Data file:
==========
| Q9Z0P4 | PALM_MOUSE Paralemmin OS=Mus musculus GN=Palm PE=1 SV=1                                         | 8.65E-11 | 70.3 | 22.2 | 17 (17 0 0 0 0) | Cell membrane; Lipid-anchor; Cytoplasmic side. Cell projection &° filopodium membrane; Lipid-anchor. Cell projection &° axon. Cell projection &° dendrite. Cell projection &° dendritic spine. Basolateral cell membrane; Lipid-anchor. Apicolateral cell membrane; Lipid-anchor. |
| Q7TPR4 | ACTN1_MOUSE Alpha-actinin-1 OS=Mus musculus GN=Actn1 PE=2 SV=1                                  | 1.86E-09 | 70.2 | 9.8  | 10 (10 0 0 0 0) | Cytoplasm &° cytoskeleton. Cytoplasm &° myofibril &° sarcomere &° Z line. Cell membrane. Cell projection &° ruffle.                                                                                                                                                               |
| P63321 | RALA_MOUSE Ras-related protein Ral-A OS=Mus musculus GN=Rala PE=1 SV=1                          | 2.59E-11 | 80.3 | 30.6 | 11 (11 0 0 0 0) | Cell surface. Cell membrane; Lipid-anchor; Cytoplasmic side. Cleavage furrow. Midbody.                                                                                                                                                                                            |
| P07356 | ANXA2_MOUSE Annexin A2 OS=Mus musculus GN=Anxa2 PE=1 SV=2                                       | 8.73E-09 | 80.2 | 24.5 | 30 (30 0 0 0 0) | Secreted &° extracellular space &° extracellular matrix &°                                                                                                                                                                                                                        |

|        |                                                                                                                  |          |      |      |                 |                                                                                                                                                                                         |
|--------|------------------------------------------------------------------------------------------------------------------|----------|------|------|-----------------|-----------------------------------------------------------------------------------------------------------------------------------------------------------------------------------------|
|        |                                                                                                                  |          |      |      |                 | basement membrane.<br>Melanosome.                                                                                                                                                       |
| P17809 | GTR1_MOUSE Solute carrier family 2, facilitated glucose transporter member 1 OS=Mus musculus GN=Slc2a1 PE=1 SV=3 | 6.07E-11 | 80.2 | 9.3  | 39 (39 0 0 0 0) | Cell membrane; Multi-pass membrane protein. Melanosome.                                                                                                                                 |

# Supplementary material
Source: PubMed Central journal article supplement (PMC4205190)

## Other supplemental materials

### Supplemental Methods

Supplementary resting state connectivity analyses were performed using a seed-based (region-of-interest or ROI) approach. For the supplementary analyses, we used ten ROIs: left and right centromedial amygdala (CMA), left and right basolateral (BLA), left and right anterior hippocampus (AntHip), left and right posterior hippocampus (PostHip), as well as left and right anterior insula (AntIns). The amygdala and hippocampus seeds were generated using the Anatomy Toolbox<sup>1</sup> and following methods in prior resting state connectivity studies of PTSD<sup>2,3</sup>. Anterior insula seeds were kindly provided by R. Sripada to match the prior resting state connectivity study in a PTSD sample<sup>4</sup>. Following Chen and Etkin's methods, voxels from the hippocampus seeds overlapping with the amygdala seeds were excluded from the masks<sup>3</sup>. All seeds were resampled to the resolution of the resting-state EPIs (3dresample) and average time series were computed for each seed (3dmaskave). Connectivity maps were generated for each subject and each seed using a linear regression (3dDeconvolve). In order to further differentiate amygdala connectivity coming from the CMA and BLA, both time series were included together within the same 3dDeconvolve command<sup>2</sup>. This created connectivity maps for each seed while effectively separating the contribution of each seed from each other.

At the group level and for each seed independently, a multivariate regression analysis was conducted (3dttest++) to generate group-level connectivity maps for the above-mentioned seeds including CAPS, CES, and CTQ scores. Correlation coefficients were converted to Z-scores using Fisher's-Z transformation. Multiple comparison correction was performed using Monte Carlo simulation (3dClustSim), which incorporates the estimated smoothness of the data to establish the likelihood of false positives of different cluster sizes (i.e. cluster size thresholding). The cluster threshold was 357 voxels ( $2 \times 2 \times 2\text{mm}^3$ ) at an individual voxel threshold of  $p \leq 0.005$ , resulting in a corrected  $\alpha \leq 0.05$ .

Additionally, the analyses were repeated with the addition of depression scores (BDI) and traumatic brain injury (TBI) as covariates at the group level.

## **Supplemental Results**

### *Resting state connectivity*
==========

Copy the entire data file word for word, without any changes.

| Q9Z0P4 | PALM_MOUSE Paralemmin OS=Mus musculus GN=Palm PE=1 SV=1                                         | 8.65E-11 | 70.3 | 22.2 | 17 (17 0 0 0 0) | Cell membrane; Lipid-anchor; Cytoplasmic side. Cell projection &° filopodium membrane; Lipid-anchor. Cell projection &° axon. Cell projection &° dendrite. Cell projection &° dendritic spine. Basolateral cell membrane; Lipid-anchor. Apicolateral cell membrane; Lipid-anchor. |
| Q7TPR4 | ACTN1_MOUSE Alpha-actinin-1 OS=Mus musculus GN=Actn1 PE=2 SV=1                                  | 1.86E-09 | 70.2 | 9.8  | 10 (10 0 0 0 0) | Cytoplasm &° cytoskeleton. Cytoplasm &° myofibril &° sarcomere &° Z line. Cell membrane. Cell projection &° ruffle.                                                                                                                                                               |
| P63321 | RALA_MOUSE Ras-related protein Ral-A OS=Mus musculus GN=Rala PE=1 SV=1                          | 2.59E-11 | 80.3 | 30.6 | 11 (11 0 0 0 0) | Cell surface. Cell membrane; Lipid-anchor; Cytoplasmic side. Cleavage furrow. Midbody.                                                                                                                                                                                            |
| P07356 | ANXA2_MOUSE Annexin A2 OS=Mus musculus GN=Anxa2 PE=1 SV=2                                       | 8.73E-09 | 80.2 | 24.5 | 30 (30 0 0 0 0) | Secreted &° extracellular space &° extracellular matrix &°                                                                                                                                                                                                                        |

|        |                                                                                                                  |          |      |      |                 |                                                                                                                                                                                         |
|--------|------------------------------------------------------------------------------------------------------------------|----------|------|------|-----------------|-----------------------------------------------------------------------------------------------------------------------------------------------------------------------------------------|
|        |                                                                                                                  |          |      |      |                 | basement membrane.<br>Melanosome.                                                                                                                                                       |
| P17809 | GTR1_MOUSE Solute carrier family 2, facilitated glucose transporter member 1 OS=Mus musculus GN=Slc2a1 PE=1 SV=3 | 6.07E-11 | 80.2 | 9.3  | 39 (39 0 0 0 0) | Cell membrane; Multi-pass membrane protein. Melanosome.                                                                                                                                 |

# Supplementary material
Source: PubMed Central journal article supplement (PMC4205190)

## Other supplemental materials

### Supplemental Methods

Supplementary resting state connectivity analyses were performed using a seed-based (region-of-interest or ROI) approach. For the supplementary analyses, we used ten ROIs: left and right centromedial amygdala (CMA), left and right basolateral (BLA), left and right anterior hippocampus (AntHip), left and right posterior hippocampus (PostHip), as well as left and right anterior insula (AntIns). The amygdala and hippocampus seeds were generated using the Anatomy Toolbox<sup>1</sup> and following methods in prior resting state connectivity studies of PTSD<sup>2,3</sup>. Anterior insula seeds were kindly provided by R. Sripada to match the prior resting state connectivity study in a PTSD sample<sup>4</sup>. Following Chen and Etkin's methods, voxels from the hippocampus seeds overlapping with the amygdala seeds were excluded from the masks<sup>3</sup>. All seeds were resampled to the resolution of the resting-state EPIs (3dresample) and average time series were computed for each seed (3dmaskave). Connectivity maps were generated for each subject and each seed using a linear regression (3dDeconvolve). In order to further differentiate amygdala connectivity coming from the CMA and BLA, both time series were included together within the same 3dDeconvolve command<sup>2</sup>. This created connectivity maps for each seed while effectively separating the contribution of each seed from each other.

At the group level and for each seed independently, a multivariate regression analysis was conducted (3dttest++) to generate group-level connectivity maps for the above-mentioned seeds including CAPS, CES, and CTQ scores. Correlation coefficients were converted to Z-scores using Fisher's-Z transformation. Multiple comparison correction was performed using Monte Carlo simulation (3dClustSim), which incorporates the estimated smoothness of the data to establish the likelihood of false positives of different cluster sizes (i.e. cluster size thresholding). The cluster threshold was 357 voxels ( $2 \times 2 \times 2\text{mm}^3$ ) at an individual voxel threshold of  $p \leq 0.005$ , resulting in a corrected  $\alpha \leq 0.05$ .

Additionally, the analyses were repeated with the addition of depression scores (BDI) and traumatic brain injury (TBI) as covariates at the group level.

## **Supplemental Results**

### *Resting state connectivity*